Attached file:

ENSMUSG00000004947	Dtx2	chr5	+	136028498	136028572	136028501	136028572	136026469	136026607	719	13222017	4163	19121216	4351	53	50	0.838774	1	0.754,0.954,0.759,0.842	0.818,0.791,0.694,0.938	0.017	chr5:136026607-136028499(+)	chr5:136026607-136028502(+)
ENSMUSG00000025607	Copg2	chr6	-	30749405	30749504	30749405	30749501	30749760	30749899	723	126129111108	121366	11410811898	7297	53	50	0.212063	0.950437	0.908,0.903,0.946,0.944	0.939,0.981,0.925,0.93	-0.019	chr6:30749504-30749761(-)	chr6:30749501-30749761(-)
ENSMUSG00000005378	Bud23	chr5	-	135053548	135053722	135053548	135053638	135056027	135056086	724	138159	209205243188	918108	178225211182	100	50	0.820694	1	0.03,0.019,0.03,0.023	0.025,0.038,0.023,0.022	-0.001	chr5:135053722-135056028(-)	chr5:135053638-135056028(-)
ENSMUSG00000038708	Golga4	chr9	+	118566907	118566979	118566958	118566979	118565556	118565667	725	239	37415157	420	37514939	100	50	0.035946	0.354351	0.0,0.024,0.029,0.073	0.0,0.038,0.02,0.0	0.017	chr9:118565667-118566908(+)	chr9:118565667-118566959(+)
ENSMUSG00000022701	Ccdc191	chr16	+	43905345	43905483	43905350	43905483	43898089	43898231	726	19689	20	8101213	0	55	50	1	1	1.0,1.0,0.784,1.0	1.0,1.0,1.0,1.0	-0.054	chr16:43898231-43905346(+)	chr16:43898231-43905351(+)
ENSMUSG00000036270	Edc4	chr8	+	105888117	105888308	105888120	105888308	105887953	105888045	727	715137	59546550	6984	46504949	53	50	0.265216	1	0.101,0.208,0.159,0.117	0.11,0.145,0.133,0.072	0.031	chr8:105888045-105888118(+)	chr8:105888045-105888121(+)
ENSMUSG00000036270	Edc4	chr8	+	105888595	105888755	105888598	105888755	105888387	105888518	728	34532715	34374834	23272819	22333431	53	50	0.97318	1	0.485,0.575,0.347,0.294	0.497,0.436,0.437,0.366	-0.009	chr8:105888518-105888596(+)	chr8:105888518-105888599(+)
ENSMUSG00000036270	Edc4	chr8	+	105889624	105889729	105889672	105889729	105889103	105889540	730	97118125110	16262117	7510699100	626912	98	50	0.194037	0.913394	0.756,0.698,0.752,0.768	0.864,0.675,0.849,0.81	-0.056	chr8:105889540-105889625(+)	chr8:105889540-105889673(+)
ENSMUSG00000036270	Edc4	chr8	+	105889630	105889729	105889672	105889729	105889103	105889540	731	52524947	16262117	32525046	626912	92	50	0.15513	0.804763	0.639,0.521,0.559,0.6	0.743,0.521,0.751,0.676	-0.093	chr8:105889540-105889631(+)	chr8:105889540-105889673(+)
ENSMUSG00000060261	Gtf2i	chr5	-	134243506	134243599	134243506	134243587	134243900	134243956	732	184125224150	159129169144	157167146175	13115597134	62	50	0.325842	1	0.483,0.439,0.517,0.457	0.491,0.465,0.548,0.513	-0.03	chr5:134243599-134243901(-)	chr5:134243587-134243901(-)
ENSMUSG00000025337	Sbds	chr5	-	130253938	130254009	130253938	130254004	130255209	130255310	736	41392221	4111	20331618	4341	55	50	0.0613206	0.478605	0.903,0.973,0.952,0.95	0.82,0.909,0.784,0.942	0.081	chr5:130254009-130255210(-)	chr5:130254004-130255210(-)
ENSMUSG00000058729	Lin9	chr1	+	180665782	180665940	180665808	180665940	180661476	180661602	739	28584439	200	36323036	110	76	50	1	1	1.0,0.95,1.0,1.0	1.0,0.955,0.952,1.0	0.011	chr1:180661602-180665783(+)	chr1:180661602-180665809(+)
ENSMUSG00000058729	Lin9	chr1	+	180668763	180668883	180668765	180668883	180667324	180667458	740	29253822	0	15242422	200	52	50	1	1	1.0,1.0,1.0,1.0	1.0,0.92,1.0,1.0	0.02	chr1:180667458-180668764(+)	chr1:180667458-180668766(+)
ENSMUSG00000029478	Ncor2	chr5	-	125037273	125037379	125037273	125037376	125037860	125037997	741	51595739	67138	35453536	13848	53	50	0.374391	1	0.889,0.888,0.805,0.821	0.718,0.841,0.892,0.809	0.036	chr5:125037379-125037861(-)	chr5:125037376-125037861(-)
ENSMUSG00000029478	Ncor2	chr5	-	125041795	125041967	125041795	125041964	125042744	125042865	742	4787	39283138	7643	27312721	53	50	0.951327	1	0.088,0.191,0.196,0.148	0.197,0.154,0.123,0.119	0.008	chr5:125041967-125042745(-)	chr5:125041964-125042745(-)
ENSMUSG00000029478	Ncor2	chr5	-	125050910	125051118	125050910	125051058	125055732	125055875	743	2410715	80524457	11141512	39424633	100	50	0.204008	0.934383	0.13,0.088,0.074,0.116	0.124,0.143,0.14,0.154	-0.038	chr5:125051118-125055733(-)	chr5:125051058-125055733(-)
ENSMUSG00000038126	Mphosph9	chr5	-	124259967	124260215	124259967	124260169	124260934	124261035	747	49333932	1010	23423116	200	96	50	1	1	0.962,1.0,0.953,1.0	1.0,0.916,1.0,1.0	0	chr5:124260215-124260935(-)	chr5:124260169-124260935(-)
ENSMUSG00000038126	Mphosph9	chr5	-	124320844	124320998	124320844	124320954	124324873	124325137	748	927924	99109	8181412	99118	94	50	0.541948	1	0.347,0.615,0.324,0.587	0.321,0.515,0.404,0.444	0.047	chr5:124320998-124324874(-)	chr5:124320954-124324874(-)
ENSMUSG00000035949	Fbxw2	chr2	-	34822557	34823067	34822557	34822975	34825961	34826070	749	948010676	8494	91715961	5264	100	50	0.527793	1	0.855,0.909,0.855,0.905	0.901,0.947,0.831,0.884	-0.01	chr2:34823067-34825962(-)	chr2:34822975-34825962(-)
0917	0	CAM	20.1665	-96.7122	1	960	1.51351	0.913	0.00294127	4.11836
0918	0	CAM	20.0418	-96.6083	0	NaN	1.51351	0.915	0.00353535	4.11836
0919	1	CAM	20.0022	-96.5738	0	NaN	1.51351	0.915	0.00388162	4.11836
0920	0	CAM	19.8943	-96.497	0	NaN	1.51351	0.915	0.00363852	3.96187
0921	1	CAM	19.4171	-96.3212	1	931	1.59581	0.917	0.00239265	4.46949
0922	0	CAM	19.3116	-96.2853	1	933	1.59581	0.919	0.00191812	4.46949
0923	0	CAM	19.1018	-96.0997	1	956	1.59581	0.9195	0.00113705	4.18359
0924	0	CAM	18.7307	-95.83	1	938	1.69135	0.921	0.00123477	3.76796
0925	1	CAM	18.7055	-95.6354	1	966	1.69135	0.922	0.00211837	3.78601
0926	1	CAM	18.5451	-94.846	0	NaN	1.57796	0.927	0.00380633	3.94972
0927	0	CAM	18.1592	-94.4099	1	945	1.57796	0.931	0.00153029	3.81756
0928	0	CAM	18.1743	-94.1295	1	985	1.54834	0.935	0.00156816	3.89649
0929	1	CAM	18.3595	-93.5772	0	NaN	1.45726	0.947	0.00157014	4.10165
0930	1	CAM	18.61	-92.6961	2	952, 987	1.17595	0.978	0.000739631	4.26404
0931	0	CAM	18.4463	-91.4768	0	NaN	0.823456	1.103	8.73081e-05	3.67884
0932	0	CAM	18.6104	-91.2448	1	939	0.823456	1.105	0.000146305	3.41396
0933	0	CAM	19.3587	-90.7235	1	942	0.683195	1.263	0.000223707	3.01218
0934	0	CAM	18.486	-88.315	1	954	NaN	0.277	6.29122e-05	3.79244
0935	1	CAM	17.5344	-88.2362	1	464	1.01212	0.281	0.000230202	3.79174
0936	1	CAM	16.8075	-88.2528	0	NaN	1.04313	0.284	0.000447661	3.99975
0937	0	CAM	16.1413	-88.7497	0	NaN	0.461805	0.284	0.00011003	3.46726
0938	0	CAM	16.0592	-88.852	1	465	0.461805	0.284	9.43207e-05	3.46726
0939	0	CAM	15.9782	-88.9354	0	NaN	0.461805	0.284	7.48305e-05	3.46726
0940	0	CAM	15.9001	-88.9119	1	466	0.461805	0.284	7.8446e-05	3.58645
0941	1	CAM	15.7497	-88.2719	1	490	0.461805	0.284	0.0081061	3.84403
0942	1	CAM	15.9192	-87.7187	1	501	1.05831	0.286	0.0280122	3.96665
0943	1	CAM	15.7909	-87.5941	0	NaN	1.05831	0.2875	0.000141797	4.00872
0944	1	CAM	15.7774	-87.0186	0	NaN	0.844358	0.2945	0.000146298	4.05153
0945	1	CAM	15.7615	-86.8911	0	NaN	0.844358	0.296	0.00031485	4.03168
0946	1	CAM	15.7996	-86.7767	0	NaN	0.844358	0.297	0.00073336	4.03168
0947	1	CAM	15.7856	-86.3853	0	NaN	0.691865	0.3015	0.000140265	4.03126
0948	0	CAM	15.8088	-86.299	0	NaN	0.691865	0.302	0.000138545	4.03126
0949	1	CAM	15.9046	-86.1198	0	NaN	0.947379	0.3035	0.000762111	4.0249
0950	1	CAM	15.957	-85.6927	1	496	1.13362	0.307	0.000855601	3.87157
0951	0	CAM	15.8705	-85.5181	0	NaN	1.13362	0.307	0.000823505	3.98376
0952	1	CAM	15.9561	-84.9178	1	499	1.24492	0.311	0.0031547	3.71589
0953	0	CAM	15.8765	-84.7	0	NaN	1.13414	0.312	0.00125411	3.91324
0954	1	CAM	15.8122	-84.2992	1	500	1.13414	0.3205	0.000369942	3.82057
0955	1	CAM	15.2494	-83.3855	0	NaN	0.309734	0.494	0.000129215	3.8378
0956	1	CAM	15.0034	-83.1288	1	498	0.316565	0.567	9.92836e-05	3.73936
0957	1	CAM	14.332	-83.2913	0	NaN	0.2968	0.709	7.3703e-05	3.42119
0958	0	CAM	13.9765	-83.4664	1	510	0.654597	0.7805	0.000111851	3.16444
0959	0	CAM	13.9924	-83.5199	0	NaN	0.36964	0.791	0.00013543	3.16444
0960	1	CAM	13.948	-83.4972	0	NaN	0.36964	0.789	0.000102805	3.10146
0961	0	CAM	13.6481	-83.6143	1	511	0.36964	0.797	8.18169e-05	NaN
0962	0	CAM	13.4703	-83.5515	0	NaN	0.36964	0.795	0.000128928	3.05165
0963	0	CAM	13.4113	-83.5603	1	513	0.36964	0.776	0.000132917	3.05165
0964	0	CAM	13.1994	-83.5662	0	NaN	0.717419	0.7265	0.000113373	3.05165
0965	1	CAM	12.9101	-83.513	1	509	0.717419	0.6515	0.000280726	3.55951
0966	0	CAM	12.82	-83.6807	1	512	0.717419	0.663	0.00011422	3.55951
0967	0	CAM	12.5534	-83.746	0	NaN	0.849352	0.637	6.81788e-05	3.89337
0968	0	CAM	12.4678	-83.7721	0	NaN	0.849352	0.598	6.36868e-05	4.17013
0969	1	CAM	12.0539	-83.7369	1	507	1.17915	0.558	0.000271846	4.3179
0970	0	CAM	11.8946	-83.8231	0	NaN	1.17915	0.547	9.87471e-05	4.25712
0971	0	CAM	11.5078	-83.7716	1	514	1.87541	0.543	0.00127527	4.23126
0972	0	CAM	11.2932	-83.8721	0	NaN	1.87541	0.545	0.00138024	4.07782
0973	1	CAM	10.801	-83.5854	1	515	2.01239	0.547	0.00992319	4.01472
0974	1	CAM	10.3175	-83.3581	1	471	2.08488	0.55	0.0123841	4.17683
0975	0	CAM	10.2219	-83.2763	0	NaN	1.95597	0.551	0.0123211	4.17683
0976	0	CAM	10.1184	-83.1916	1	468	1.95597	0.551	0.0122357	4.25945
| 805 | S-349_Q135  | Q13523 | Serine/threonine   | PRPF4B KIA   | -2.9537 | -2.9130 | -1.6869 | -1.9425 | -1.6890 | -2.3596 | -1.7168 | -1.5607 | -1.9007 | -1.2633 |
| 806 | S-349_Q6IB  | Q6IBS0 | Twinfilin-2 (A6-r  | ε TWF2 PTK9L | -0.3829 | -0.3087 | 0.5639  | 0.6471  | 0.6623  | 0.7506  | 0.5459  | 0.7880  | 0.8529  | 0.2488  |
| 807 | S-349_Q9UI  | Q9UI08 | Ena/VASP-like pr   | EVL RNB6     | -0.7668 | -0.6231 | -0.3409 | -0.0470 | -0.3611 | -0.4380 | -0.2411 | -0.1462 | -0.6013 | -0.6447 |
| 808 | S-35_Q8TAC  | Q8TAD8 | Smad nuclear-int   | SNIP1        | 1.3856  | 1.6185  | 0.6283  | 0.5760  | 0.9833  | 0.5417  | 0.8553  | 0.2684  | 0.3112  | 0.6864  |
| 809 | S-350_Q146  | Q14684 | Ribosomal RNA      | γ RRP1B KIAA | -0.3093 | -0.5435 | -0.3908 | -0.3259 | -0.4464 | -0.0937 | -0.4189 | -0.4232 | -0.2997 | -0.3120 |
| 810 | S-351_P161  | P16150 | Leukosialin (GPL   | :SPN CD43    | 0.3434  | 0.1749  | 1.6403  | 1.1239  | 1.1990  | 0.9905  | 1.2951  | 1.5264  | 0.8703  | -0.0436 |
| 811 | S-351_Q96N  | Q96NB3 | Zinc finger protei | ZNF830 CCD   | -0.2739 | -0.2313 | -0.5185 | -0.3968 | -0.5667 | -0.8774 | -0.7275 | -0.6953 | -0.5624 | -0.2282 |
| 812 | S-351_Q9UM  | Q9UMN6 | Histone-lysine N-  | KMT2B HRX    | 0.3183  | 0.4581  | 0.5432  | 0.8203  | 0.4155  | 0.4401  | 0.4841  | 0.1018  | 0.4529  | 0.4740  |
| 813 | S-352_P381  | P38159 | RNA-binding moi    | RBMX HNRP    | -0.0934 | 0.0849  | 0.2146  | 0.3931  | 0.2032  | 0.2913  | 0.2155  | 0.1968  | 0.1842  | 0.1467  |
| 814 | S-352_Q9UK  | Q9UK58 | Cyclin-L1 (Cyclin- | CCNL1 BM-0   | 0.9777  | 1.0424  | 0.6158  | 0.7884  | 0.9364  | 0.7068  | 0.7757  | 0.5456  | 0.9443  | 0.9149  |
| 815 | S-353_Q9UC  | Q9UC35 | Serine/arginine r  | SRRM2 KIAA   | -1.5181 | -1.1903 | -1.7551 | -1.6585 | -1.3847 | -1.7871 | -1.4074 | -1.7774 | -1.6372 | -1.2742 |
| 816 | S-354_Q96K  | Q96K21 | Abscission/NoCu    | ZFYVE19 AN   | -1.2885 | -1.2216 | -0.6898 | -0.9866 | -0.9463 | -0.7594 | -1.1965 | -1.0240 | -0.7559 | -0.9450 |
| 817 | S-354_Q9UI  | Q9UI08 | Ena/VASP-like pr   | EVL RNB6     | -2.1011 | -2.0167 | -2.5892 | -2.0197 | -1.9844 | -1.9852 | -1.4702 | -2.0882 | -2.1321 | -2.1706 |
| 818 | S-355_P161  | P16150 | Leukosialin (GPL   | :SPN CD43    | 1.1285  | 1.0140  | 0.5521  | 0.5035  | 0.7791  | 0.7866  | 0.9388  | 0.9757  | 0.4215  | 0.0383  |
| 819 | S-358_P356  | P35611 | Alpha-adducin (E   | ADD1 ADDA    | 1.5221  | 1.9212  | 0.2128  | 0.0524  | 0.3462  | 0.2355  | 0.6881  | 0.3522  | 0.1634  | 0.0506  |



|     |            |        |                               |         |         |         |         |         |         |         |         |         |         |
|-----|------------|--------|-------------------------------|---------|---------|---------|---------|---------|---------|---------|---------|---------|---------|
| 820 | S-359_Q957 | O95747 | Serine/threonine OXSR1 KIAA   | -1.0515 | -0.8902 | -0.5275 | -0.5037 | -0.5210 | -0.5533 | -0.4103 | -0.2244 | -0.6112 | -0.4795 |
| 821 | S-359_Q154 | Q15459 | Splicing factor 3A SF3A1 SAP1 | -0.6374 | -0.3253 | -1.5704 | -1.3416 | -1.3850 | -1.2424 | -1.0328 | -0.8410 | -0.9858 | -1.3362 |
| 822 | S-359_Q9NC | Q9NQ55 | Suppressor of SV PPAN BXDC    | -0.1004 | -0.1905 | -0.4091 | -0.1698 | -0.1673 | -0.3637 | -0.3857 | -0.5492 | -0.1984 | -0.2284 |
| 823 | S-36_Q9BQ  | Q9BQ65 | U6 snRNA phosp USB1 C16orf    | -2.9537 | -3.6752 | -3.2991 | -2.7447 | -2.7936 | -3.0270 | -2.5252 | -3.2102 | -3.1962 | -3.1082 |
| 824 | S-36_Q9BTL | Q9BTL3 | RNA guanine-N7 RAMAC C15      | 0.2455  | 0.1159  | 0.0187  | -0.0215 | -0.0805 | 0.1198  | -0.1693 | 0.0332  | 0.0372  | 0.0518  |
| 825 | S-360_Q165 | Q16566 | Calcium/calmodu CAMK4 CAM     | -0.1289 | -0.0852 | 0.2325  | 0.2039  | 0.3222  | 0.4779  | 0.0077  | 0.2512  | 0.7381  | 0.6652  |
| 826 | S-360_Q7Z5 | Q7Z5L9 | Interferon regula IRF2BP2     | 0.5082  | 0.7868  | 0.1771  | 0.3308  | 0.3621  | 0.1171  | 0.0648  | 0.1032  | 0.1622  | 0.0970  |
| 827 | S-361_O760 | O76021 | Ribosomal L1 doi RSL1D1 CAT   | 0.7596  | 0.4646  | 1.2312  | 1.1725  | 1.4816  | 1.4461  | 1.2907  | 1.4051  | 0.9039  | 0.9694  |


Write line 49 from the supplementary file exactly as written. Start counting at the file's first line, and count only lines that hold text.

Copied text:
0946	1	CAM	15.7996	-86.7767	0	NaN	0.844358	0.297	0.00073336	4.03168